Marxism still remains a scarecrow for many. One part of the problem is that people who called themselves Marxists were in fact as far from Marx as one could possibly be, but the other reason is that the US is really, genuinely, an ideological society. Even if Marxism were carried out in an optimal manner, the ideological rivalry between the two systems would be more intense than the rivalry between religious cults, because while a Christian and a Muslim can in principle agree that they are praying to the same God under different names, Capitalism and Socialism are both about distribution of money, and if a dollar is lying inside Peter's wallet, you can't pretend that it's lying inside Paul's wallet and vice versa. There is no reason you should accept egalitarianism which was so important to Marx. Marxist economics is a different matter.

When you discuss Das Kapital, remember that we are should be talking about regulating the use of capital, not about taking away your bank account. That means making capitalist production relations subordinate to the socialist distribution relations.

Which brings us to the REAL problem with Marxism: how do you set up a good bureaucracy that will work for the whole society and will not itself degenerate into bourgeoisie over time? It is here, in my opinion, that Marx's writings are substandard if not outright utopian. We know that on a small scale of an Israeli kibbutz it can be managed, but how do you manage it on a large scale? Perhaps modern game theory in combination with modern IT technology and motivation psychology could find a solution? But it may well be that the solution remains illusory. I think the jury is still out on this. Our social science is in even worse shape than our economic science, and besides, it hasn't even been asking that question, let alone looking for the answer. To be brief, I see a HUGE problem with Marxism on the social side of the equation. On the other hand, I DON'T see any problem on the economic side. It is my current view (of course I could be wrong) that economically, the system is 100% workable.

 Just to make sure you are not fighting against a straw man.  

14 Comments – Post Your Own

#1) On August 27, 2010 at 7:30 PM, kdakota630 (29.46) wrote:

Liked your first few paragraphs a lot, but don't have the time to finish.  Will get back to it tomorrow morning hopefully.  I'm looking forward to reading this as well as David's upcoming blog you mentioned.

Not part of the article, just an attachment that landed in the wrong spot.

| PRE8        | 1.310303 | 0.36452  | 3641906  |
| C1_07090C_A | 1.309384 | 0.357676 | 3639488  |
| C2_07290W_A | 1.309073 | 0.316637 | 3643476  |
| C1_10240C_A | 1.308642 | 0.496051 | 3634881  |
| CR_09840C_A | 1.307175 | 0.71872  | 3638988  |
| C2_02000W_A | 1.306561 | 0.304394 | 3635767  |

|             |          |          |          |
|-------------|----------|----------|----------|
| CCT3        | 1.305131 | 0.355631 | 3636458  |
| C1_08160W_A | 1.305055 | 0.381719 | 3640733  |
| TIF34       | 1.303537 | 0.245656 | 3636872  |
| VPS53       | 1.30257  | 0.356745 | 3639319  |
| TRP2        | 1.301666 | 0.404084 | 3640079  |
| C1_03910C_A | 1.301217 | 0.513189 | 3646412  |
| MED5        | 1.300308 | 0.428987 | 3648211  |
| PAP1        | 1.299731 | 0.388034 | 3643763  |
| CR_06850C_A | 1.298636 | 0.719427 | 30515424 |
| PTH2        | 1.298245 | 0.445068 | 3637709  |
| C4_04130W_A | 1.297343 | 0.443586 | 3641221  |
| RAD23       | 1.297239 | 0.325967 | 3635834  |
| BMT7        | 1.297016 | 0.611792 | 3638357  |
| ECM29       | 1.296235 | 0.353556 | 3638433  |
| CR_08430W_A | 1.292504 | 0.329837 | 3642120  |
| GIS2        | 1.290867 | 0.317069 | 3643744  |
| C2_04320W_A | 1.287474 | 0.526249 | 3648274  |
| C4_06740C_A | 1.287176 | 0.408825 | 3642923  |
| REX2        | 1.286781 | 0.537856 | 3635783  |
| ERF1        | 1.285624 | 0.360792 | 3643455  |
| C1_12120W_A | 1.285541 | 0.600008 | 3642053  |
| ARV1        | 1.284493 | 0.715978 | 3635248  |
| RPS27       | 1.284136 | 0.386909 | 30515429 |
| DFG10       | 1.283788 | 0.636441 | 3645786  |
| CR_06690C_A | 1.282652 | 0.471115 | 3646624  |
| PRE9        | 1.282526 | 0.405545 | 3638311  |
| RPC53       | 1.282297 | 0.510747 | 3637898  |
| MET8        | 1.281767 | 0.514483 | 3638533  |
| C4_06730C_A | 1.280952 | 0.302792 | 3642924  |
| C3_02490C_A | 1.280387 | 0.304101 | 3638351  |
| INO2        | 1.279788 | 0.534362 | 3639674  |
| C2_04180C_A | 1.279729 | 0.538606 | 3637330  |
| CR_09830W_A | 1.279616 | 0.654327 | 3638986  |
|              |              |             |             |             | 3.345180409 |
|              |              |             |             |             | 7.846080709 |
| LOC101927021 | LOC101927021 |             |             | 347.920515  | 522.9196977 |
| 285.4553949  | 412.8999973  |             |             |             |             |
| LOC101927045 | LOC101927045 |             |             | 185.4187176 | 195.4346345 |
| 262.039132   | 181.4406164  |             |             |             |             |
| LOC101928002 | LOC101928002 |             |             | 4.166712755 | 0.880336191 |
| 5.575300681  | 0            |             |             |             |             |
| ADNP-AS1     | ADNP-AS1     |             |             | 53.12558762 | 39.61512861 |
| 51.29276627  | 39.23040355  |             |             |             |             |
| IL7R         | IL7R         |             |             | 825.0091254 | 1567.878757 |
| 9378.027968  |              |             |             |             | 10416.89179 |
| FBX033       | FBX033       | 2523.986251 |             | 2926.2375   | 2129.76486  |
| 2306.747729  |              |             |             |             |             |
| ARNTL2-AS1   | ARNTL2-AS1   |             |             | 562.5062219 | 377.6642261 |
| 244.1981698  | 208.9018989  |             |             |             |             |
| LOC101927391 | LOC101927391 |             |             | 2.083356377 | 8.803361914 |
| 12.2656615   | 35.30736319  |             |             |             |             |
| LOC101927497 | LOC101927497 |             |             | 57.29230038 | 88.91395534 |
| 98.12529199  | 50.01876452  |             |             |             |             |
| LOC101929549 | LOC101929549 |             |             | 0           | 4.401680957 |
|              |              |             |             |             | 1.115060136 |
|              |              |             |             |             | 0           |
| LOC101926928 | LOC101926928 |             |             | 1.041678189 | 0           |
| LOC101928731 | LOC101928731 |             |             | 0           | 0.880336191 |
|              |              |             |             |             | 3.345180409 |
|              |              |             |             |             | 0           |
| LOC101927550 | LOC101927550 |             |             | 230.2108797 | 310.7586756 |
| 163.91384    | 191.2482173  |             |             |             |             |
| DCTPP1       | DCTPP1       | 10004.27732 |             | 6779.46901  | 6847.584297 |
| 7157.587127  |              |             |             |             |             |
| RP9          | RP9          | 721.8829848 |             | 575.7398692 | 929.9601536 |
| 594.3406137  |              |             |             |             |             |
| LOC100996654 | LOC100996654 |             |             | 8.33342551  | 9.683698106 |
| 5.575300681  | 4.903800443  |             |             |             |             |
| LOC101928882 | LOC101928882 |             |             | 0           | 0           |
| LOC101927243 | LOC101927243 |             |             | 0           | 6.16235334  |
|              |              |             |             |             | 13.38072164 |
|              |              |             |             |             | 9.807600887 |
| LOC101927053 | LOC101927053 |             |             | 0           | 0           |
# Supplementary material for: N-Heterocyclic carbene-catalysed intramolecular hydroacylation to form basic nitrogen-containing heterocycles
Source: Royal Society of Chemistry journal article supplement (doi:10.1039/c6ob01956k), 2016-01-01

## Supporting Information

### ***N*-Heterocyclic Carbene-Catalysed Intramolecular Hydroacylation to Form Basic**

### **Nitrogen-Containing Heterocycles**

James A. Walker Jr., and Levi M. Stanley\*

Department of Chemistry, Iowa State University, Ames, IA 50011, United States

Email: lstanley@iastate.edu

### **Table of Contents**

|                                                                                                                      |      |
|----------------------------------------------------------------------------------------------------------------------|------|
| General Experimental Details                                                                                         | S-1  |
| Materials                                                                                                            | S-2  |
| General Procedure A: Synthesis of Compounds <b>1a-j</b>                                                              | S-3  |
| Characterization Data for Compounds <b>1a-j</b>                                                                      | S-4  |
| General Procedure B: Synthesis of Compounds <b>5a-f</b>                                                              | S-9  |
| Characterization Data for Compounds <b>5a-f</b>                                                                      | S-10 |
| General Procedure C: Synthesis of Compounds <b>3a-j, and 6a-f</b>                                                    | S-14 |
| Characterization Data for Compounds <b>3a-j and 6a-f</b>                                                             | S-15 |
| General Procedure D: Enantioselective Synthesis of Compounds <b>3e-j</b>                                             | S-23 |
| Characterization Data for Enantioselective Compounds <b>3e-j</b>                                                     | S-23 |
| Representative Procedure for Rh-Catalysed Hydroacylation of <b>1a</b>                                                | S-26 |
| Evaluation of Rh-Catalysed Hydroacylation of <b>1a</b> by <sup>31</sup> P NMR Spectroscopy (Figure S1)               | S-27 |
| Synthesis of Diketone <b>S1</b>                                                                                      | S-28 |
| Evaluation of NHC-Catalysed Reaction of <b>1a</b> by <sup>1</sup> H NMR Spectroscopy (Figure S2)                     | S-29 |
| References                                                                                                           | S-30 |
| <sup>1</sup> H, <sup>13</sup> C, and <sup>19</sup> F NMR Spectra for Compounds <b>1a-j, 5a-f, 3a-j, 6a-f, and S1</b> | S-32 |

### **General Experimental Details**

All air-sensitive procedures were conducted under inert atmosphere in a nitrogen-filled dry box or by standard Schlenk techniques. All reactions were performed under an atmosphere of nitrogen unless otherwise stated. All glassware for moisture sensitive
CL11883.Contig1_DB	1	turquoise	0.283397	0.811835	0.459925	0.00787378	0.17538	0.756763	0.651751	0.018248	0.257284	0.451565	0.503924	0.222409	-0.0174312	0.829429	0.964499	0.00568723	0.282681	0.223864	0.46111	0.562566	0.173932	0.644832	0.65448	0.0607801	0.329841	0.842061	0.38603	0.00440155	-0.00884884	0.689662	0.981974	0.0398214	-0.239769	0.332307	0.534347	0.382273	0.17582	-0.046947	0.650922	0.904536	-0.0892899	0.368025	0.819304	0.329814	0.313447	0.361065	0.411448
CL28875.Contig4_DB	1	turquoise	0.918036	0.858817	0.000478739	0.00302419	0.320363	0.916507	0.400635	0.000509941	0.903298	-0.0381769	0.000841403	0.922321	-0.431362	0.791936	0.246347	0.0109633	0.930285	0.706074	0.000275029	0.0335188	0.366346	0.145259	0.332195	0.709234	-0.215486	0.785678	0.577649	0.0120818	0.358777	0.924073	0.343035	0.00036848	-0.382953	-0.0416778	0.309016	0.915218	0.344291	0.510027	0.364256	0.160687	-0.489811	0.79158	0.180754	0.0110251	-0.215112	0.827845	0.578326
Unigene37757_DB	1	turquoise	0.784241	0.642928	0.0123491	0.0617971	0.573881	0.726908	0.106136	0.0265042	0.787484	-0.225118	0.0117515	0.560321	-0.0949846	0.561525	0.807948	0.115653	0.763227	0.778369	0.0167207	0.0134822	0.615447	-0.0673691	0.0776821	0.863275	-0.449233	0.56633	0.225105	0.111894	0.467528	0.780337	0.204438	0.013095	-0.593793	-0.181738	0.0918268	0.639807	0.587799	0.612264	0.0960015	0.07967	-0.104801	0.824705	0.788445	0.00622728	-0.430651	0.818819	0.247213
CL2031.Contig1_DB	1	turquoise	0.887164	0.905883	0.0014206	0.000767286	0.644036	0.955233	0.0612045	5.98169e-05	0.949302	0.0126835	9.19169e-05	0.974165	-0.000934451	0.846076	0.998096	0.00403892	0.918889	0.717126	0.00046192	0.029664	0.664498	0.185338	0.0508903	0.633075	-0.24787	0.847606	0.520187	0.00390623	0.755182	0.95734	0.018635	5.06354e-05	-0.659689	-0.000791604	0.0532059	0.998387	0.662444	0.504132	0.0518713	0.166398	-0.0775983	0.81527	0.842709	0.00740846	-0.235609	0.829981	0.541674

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#2) On August 27, 2010 at 8:06 PM, whereaminow (< 20) wrote:

Thanks zloj. I will read this post today.

Now, I'm not looking at Das Kapital (Volume I) as something to set up and knock down.  

My plan is simply to show people here that no matter what you believe, you can learn by investigating other viewpoints.  Too many people here try to dismiss everything they disagree with by simply calling it "ideology."  That's not what CAPS is about for me.

So the idea here is to get a good discussion going that people on CAPS will find interesting and they learn a little bit,  I'm going to throw stuff out to you and rg, you guys can defend it or show why you don't like it, and then we move on.  It will be free-flowing for the most part - and not a hard-core debate.  

It's an introduction to some of the topics of Marx that cause contention, with some viewpoint sprinkled in, that will hopefully make people interested in learning more.   I don't like that people are afraid to read Marx.  That's not a good thing.

David in Qatar

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#3) On August 27, 2010 at 8:19 PM, starbucks4ever (97.43) wrote:

"I don't like that people are afraid to read Marx." 

A normal xenophobia (fear of things alien or unknown). Reading Keynes or Friedman was also a taboo in the Soviet Union, with the result that when the curtain finally fell, a few pretenders like Gaidar and Chubais literally stole the show.

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#4) On August 27, 2010 at 8:46 PM, guiron (20.20) wrote:

The United States of America looks socialist in many respects, especially when viewed from a distance. To many Soviets, it looked in fact like a better version of the USSR: after all, didn't the American unemployed often enjoy a better standard of living than the Soviet workers? But to the Americans, who know the real situation on the ship, it doesn't look like the unemployed are calling the shots.

This particular example misses the point. Strictly speaking, socialism is when the means of production is owned by the workers, as well as public ownership of means of allocation. I seriously doubt to anyone who lived there at the time that the US looked anything like their system - in fact the culture shock was more than usual, at least in my experience. We are many times less socialist and far more laissez-faire than any other advanced economy at the moment, although this may change, but there is great resistance to the idea that the poorest among us should not shoulder an undue amount of risk (the downside is most devastating to those who have nothing left to lose). Our culture instead focuses far too much on the idea that you shouldn't be given any help whatsoever unless you "deserve" it, and of course the definition of whether you do deserve help changes constantly but usually leaves far too many people who need help behind. This may be ideological, but I think it's more to do with the constant propaganda coming from the corporate sector and top tax bracket in the form of talking points (from think tanks such as Cato, trust foundations funded by Koch, et al, etc.), which have been readily picked up and repeated endlessly by the media as if there is truth in it.